The XXIVth MANIPEDICON 2020, a conclave of paediatricians held last Saturday at the IMA Conference Hall at Lamphel discussed 24 significant topics on child health, with special focus on the Covid-19 pandemic. Dr. Sanjay Sharma, an alumni of the premier Armed Forces Medical College, gave the Imphal Review some time on the sidelines of the meet to talk to R.K. Lakhi Kant about ‘Gender incongruence in children’ and how children do not enjoy the same care and status common in Manipur till some decades back. Dr. Sanjay Sharma runs his own organisation, the Association for Transgender Health in India and its social arm KHEM, and is connected with other national and international organisations like SAATHI and also others involved in care for the gender incongruent and transgender health.
Before we start with the conversation we’ll give some background to who really are the gender incongruent children and also some statistics and views which will help understand better what exactly is the issue we are face to face with. We came to understand that experience of gender and of ‘Who am I’ comes early in life. But in fact incongruence is actually with the larger majority who cannot accept the gender such a child owns. The child does not communicate and closeting is there by the society, till the psycho-social-sexual development starts taking place and the child which has been hiding the narrative, cannot do so any more when the bodily changes start occurring, for instance during puberty.
The society’s failure to assign gender to the child results in conflicts with parents, neighbours, and at school, and the discomfort stops the child from performing socially in the football team or at home. Intervention is required when you realise internal conflict in the child, and this is important because study says life expectancy in transgender people is as low as 40 years. External conflict includes bullying in the washrooms. We need to talk to family, community, and reconnect with culture, which can be done only when we start talking of the Indian history of gender movement, and in Manipur, Manipur’s history of gender movement. An incongruent child is like someone in an exam who has been given all the difficult questions to answer, and we can relieve the pressure on the child by adopting a public health approach where medical and social aspects are covered. The paediatrician’s role is to listen, not tell, and provide space for gender expression. The idea is to start a dialogue with parents, schools and the society at large. This is vital now because according to a figure given by Mumbai NGO Humsafar, up to 16% of India’s population is LGBTQ. In Manipur also the transgender have a social face and are over 4000 in numbers, while the other sexual identities have not come out publically, except for one person who is an intersex and has come out openly.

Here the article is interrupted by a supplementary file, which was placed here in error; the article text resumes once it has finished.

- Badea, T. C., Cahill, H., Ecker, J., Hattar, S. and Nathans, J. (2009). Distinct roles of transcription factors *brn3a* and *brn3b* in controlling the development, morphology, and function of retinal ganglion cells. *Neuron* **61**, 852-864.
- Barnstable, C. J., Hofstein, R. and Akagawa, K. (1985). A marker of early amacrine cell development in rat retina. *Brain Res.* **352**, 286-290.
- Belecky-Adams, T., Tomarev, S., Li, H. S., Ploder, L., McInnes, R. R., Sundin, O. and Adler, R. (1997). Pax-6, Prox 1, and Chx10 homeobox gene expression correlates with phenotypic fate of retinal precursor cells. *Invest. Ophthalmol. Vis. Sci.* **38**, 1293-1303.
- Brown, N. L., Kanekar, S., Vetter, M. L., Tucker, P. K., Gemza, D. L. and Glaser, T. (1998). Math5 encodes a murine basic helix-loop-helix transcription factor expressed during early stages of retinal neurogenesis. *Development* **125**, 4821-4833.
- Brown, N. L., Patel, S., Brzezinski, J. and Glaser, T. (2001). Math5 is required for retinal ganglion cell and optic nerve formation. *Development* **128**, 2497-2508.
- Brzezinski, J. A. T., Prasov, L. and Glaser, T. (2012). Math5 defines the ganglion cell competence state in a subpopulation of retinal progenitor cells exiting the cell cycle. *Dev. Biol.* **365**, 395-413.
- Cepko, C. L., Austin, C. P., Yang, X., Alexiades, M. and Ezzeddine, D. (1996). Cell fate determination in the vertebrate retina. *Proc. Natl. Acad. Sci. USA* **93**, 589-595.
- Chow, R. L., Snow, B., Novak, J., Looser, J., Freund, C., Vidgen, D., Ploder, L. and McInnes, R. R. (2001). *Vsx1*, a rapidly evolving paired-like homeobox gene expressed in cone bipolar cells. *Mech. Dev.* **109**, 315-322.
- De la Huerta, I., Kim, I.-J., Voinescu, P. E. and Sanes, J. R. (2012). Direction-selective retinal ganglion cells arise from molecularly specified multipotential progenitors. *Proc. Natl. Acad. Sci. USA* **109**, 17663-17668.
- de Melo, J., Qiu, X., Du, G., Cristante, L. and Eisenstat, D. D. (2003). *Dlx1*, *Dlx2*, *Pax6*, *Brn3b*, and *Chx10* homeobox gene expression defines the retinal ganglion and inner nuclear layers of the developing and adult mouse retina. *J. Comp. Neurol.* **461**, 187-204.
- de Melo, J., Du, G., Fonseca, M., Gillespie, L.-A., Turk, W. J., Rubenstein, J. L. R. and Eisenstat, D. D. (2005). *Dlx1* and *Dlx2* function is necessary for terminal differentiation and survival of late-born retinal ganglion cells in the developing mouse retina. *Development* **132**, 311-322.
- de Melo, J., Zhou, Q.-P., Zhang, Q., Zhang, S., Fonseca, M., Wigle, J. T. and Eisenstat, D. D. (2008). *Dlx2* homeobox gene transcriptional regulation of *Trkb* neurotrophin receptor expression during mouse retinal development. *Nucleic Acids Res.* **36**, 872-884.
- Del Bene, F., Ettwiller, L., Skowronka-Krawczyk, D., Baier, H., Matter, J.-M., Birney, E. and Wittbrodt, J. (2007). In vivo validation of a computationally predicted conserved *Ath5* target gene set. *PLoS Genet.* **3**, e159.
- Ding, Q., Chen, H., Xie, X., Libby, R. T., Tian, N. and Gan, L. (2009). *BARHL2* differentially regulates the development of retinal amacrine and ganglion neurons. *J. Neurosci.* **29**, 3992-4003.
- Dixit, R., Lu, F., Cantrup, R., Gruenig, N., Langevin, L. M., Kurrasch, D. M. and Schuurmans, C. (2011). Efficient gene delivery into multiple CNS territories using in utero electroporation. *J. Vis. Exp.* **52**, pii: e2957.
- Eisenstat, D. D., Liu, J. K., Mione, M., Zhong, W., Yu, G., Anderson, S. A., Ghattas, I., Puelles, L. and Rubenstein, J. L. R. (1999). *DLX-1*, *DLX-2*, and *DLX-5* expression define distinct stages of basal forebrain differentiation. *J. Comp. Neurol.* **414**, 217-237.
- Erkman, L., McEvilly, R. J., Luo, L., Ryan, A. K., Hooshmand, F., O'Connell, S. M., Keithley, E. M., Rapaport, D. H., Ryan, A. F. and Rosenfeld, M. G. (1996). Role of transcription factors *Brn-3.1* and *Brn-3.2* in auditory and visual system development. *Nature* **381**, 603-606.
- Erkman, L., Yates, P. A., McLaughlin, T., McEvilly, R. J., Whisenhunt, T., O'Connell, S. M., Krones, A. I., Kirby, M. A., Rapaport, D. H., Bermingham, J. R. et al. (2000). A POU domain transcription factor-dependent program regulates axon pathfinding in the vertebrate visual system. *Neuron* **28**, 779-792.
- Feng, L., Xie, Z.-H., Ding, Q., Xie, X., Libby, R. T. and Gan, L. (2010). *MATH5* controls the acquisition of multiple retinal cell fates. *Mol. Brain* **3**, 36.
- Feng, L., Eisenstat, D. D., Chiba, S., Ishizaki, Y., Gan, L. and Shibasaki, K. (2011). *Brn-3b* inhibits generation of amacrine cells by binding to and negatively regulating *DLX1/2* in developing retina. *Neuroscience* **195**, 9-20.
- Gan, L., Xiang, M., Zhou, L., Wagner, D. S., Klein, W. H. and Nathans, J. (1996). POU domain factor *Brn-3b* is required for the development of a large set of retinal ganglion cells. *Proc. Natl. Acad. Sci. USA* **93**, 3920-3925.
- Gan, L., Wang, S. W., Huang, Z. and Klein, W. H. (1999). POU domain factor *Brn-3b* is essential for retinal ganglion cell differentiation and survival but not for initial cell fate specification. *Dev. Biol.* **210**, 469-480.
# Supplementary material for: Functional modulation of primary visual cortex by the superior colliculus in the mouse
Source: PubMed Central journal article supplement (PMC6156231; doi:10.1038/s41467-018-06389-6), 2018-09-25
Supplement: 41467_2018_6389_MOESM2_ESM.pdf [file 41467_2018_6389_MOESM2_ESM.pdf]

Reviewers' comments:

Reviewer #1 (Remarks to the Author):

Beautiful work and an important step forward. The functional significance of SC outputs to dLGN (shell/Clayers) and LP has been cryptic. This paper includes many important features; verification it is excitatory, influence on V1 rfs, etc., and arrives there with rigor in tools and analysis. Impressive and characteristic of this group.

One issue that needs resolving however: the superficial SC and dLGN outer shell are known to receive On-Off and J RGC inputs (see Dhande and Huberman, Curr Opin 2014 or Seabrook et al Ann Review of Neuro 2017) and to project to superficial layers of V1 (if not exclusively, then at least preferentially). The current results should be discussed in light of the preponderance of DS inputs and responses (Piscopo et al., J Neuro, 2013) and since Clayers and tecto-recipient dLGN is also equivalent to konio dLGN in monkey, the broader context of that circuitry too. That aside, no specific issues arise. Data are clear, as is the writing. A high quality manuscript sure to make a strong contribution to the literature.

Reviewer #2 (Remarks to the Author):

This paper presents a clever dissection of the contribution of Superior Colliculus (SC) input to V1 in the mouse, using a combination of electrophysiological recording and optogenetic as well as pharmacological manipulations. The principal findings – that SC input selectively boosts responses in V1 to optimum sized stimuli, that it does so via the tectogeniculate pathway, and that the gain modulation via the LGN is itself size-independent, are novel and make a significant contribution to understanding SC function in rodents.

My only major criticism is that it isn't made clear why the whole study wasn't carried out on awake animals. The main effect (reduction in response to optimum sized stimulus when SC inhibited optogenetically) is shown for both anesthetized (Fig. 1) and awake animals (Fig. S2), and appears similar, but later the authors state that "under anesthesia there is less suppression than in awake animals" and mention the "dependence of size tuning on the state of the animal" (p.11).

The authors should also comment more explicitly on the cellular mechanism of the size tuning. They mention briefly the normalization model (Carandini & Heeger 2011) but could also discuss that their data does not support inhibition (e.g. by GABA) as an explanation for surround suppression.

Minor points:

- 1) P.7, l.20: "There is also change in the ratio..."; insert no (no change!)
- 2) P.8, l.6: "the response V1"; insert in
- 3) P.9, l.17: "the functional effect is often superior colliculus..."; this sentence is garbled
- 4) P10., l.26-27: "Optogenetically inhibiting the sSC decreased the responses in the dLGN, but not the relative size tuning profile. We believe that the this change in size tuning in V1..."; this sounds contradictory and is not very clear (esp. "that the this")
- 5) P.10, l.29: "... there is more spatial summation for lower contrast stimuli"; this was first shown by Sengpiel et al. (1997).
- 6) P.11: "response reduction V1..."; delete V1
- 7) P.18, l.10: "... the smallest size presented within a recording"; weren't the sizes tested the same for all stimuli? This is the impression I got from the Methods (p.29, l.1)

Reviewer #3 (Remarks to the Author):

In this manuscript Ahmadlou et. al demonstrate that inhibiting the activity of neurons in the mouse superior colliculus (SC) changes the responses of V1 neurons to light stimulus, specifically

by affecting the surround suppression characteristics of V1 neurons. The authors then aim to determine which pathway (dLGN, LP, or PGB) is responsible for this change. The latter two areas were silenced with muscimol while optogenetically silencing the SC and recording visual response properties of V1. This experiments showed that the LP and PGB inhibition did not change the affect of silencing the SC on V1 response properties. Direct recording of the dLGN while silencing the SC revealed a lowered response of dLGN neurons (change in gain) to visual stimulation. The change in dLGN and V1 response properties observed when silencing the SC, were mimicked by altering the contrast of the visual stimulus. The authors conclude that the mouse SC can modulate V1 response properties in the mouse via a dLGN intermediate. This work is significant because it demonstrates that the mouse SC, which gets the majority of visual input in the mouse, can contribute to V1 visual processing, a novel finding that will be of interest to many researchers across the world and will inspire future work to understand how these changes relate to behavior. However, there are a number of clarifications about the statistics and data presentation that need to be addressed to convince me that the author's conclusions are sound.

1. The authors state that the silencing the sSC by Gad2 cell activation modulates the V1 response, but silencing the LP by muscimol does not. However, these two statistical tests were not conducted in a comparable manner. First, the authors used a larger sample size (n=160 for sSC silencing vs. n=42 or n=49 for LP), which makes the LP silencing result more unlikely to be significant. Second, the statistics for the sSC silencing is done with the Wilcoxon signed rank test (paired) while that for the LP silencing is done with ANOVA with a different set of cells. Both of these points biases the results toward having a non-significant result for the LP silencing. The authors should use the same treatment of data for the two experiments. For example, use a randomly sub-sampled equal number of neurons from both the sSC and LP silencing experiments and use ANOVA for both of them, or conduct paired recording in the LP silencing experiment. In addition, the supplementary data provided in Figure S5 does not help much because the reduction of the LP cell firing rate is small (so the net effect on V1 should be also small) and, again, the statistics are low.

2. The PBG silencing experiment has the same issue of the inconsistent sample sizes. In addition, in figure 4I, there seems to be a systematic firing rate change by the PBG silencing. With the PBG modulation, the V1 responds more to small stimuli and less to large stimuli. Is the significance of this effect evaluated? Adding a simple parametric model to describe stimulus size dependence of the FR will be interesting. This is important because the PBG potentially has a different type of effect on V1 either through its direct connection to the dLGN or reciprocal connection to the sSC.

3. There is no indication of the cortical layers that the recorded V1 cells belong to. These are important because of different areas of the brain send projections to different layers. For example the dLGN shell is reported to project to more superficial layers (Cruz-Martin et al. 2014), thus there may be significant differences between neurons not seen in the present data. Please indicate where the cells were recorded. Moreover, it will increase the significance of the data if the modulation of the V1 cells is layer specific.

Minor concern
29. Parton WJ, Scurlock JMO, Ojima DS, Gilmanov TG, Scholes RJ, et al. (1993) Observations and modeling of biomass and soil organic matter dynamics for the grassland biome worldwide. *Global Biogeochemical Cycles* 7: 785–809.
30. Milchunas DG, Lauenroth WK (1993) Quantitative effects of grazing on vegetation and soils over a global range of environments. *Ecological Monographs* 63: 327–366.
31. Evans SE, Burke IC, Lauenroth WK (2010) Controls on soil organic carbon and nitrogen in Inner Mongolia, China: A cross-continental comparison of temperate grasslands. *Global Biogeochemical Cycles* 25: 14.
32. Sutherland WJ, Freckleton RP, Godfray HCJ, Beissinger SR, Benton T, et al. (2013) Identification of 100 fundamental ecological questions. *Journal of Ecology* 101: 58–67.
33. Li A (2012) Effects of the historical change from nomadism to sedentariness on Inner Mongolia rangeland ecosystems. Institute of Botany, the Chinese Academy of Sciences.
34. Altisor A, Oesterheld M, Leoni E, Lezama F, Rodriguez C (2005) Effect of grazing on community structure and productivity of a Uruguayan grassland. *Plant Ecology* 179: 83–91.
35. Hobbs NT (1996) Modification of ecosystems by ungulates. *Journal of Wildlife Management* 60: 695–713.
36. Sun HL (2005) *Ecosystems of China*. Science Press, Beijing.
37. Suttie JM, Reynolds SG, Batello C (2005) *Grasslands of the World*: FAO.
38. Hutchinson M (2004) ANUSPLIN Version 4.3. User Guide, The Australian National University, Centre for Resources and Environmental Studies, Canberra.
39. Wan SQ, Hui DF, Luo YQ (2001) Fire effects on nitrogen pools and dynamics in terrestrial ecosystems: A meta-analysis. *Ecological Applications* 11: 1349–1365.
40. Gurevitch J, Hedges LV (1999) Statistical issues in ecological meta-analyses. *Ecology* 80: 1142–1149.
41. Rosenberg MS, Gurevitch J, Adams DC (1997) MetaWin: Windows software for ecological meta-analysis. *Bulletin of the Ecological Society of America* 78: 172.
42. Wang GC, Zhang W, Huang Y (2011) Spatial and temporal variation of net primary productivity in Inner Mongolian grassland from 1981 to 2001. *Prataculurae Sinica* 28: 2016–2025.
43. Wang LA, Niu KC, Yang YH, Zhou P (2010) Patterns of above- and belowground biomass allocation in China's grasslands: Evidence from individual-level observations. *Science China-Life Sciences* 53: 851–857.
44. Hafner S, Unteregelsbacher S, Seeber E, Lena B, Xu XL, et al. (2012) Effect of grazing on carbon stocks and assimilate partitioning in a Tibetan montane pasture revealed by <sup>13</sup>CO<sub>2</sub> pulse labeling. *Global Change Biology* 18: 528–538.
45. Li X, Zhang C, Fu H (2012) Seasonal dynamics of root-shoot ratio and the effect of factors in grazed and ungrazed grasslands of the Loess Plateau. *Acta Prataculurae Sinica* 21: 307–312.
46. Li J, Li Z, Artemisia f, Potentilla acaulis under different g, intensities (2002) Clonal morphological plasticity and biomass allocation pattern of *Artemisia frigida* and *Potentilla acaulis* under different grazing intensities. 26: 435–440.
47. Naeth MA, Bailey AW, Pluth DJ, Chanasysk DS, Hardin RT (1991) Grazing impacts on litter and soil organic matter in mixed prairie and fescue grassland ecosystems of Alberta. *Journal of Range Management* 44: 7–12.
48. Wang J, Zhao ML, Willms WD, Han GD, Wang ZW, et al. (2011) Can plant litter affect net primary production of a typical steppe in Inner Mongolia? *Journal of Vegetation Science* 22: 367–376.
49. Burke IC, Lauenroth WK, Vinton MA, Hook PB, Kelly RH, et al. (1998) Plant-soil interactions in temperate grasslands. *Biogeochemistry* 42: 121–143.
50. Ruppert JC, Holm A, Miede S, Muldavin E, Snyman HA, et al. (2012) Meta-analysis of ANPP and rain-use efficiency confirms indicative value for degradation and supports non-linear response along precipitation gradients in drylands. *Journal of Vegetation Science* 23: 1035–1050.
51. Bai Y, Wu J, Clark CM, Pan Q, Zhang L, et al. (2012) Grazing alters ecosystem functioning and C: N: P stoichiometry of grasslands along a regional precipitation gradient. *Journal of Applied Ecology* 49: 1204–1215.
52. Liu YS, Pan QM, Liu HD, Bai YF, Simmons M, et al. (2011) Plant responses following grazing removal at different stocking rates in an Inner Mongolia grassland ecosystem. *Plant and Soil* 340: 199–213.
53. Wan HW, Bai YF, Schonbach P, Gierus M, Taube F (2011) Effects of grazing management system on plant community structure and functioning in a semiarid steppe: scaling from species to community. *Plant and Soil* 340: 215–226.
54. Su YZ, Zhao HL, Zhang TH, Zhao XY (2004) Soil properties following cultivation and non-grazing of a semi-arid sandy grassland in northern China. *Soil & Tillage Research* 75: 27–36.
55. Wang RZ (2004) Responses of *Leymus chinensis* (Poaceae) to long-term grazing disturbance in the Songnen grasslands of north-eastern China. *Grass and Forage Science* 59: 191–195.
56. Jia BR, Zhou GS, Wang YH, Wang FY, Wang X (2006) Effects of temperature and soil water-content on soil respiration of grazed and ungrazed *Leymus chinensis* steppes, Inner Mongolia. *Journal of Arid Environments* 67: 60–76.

Lakhi Kant: How are we supposed to understand the terminology gender incongruence?
Dr. Sanjay: To begin I will like to state that it is a preventable issue, but it requires ownership by people. Your teachers, your parents, your doctors need to know. People with the lived experience need to come forward. The science is recorded and documented. Now, there’s special care that’s required. Once I want to be comfortable then I want to align my mind to my body so that I can enjoy the benefits of science. Tomorrow if they were to have some issues we work with the medicines and we do some corrections. Not because you are diseased, but this is what is available now.
You can enjoy life better then. It’s something we can do. We can give the joy of parenting to couples, any couple, need not be XX chromosomes and XY chromosomes, but anybody who wants progeny to proceed. We can do that. We can allow this person to become a doctor or an engineer. That’s not limited, not got anything to do with gender. But it has definitely everything to do with how we are going to make this person comfortable and part of society.